Reform vs. the Constitution
Christie Pesavento | Tuesday, March 30, 2010
Now that the Democrats have managed to wheedle, bribe, cajole, threaten and otherwise cram their health care package through Congress and into the law books, popular resistance and political consequences be damned, it may seem like the vicious battle has finally reached a conclusion.
But as defenders of liberty across the country have declared, the war is far from over. Already, over 30 states have taken steps to challenge various aspects of the law, the most controversial of which is the individual mandate that requires all Americans to purchase health insurance. Such a mandate, according to the Congressional Budget Office, is unprecedented in the history of our nation, and there is reason to believe that it is patently unconstitutional.
Of course, anyone who is determined enough to risk political suicide to pass a piece of legislation is not going to let something as trivial as the Constitution stand in his or her way.
Case in point: last fall, when a reporter asked Speaker of the House Nancy Pelosi about what part of the Constitution gives Congress the authority the mandate the purchase of health insurance, the speaker responded with an incredulous, “Are you serious? Are you serious?” She then promptly ignored the question by turning to another reporter.
Why yes, Madam Speaker, the possibility that a proposed piece of legislation is unconstitutional is a serious question to most Americans. Much more serious, believe it or not, than a question the president chose to answer last year about what has most “enchanted” him about the office.
Unfortunately, Pelosi is not the only one who needs to brush up on her knowledge of the Constitution. Back in December, Senator Kent Conrad (D – N.D.) admitted he could not specify where in the Constitution Congress is granted the authority for an individual mandate.
“You know, I’m not a lawyer,” Conrad said, “so, I’m not an expert on the constitutional issue. That’s not my committee’s jurisdiction. So, I know that attorneys who have looked at it believe that it’s fully constitutional. But I’m not, I’m not a lawyer, so I can’t, I can’t pass judgment on that based on my own legal analysis.”
Well, excuse us voters for thinking that a sitting senator would consult the Constitution before setting out to pass a reform package with such far-reaching consequences. Perhaps we should pose the question, as Conrad suggests, to someone on the Judiciary Committee. And why not start with House Judiciary Committee Chair John Conyers (D – Mich.)?
“Under several clauses, the good and welfare clause and a couple others. All the scholars, the constitutional scholars that I know — I’m chairman of the Judiciary committee, as you know — they all say that there’s nothing unconstitutional in this bill and if there were, I would have tried to correct it if I thought there were.”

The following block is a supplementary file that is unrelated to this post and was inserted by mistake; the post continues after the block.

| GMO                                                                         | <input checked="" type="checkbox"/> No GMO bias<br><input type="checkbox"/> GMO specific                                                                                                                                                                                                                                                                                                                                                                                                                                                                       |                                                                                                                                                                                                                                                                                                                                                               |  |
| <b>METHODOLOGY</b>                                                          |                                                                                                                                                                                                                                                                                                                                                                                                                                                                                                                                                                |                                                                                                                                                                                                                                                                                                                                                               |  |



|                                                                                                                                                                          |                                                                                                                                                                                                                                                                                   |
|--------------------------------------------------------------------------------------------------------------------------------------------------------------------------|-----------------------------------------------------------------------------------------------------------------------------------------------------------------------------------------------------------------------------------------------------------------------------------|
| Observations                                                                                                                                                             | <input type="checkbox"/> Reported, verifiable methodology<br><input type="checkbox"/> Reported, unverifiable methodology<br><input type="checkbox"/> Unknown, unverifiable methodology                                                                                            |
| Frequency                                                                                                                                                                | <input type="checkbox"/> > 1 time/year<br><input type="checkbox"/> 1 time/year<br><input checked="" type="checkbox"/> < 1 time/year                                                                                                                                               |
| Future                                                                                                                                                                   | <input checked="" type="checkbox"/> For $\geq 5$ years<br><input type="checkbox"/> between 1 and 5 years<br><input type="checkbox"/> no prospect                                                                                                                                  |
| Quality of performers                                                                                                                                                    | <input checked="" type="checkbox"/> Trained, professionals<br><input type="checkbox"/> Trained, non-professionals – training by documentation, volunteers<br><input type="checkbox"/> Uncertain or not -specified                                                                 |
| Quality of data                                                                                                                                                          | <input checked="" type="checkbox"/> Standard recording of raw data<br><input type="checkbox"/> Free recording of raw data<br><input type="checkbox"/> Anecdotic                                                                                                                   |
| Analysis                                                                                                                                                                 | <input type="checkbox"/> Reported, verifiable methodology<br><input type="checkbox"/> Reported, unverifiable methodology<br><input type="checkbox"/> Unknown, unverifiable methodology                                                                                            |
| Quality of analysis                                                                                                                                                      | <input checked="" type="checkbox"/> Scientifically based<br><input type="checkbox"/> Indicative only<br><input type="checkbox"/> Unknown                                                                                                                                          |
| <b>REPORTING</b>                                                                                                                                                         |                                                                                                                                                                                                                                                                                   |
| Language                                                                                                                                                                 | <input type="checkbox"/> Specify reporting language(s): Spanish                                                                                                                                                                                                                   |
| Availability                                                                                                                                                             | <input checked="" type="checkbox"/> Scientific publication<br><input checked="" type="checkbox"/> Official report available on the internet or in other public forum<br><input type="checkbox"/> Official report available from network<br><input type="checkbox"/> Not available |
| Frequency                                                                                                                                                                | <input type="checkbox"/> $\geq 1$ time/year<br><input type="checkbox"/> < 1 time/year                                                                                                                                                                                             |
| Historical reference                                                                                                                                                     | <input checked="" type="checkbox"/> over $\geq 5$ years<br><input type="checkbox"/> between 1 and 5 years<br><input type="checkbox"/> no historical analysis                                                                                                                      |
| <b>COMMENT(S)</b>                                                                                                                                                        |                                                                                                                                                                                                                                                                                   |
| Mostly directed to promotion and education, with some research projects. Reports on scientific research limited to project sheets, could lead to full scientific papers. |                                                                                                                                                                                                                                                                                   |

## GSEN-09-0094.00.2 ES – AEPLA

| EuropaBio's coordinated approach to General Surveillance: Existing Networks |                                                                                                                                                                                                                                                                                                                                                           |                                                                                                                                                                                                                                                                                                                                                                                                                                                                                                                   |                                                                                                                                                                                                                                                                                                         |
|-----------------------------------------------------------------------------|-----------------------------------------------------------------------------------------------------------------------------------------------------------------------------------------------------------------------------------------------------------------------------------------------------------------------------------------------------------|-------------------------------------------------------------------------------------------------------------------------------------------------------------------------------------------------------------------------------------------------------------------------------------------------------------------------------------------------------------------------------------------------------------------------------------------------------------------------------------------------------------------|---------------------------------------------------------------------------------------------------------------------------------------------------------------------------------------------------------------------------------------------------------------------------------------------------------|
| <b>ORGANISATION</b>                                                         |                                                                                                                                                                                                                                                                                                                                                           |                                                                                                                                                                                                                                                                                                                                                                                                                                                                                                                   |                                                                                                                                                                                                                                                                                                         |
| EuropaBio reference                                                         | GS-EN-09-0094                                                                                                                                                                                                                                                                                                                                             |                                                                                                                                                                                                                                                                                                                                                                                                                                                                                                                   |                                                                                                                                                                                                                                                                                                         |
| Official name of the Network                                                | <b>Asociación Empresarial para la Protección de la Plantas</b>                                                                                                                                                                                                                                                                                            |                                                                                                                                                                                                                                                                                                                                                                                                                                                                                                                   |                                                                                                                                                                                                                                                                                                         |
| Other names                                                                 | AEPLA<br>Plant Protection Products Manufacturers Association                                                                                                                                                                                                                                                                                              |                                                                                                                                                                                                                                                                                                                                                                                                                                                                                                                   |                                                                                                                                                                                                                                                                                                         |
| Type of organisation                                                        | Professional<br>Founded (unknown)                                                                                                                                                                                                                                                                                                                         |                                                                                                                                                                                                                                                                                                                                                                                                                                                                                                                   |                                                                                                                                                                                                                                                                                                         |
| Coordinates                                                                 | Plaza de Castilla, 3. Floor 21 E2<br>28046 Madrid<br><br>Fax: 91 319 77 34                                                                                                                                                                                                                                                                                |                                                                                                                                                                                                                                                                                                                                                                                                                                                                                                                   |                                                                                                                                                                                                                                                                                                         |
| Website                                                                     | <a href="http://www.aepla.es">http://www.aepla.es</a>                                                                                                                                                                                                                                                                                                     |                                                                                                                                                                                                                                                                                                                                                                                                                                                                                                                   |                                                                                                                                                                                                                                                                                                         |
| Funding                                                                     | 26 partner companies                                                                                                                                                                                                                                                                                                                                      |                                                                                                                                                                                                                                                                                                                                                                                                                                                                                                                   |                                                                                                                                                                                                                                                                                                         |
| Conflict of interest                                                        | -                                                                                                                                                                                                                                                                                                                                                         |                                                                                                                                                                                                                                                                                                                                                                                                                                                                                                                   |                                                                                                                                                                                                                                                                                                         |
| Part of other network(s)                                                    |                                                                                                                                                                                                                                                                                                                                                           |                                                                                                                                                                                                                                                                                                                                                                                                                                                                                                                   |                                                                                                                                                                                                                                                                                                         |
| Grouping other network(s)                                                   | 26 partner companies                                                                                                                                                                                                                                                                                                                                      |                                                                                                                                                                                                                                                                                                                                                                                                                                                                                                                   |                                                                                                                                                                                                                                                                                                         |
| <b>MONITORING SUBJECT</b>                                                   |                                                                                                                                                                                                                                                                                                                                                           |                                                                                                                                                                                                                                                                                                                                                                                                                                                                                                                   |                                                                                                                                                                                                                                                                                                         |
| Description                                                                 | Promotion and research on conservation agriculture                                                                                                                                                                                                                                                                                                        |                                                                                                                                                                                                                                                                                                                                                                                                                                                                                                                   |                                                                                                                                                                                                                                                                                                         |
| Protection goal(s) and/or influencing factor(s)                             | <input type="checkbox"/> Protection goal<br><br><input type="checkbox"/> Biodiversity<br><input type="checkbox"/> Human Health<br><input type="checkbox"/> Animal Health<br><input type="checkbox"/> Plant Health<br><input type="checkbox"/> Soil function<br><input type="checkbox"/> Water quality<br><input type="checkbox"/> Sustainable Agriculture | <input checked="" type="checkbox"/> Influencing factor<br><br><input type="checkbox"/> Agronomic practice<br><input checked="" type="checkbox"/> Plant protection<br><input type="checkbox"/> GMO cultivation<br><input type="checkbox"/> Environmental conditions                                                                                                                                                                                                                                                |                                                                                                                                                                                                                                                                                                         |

Yes, you read that correctly. The chairman of the House Judiciary Committee just referred to a non-existent constitutional clause to defend a piece of legislation.
The fact that a senator, the House Judiciary chairman, and the speaker of the house care so little about where their authority comes from should be cause for widespread alarm among the population. The very document upon which our entire system of government was founded, the document that has preserved our rights and freedoms for well over two centuries, the document that these people swore to “support and defend … against all enemies” and to “bear true faith and allegiance,” has become irrelevant in their eyes.
To Americans who still see the Constitution as meaningful, they understand that the debate over this healthcare package is not really about health care at all. Rather, like the soon-to-be insolvent entitlement programs that exist today, it is a manifestation of the federal government seeking to exert more control over the people by convincing them to sacrifice liberty to gain some security from social ills, and a tenuous security at that. Friedrich Hayek understood the dangers inherent to this exchange when he declared, “If we wish to preserve a free society, it is essential that we recognize that the desirability of a particular object is not sufficient justification for the use of coercion.”
There are alternate ways of solving the problems confronting the health care and insurance industries, solutions that do not involve substantial government meddling or adding to the nation’s crushing debt while crippling our economic recovery. Curbing frivolous lawsuits that encourage costly defensive medicine, allowing individuals to purchase insurance across state lines, expanding and reforming high-risk pools and reinsurance programs to guarantee access to affordable health care even for those who have preexisting conditions, all of these proposals fall into this category.
If the history of the American Experiment tells us anything, it is that only when the powers of government are limited can society truly flourish, economically or otherwise. How else can one explain how a lowly British colony emerged as the greatest economic and military superpower the world has ever known in, as far as human history is concerned, the blink of an eye? Certainly not by pointing to any coercive efforts by the government. We have the wisdom and foresight of the founders to thank for framing the government in such a way that it allowed us to reach a standard of living that is unrivaled by any prior generation. Eschewing this lesson by ignoring the constitutional restraints on government authority is akin to tearing up the Declaration of Independence and resubmitting ourselves to monarchical rule.
Of course, the liberals in Congress probably wouldn’t mind.
Christie Pesavento is a senior who is majoring in political science and sociology. She can be reached at email@example.com
The views expressed in this column are those of the author and not necessarily those of The Observer.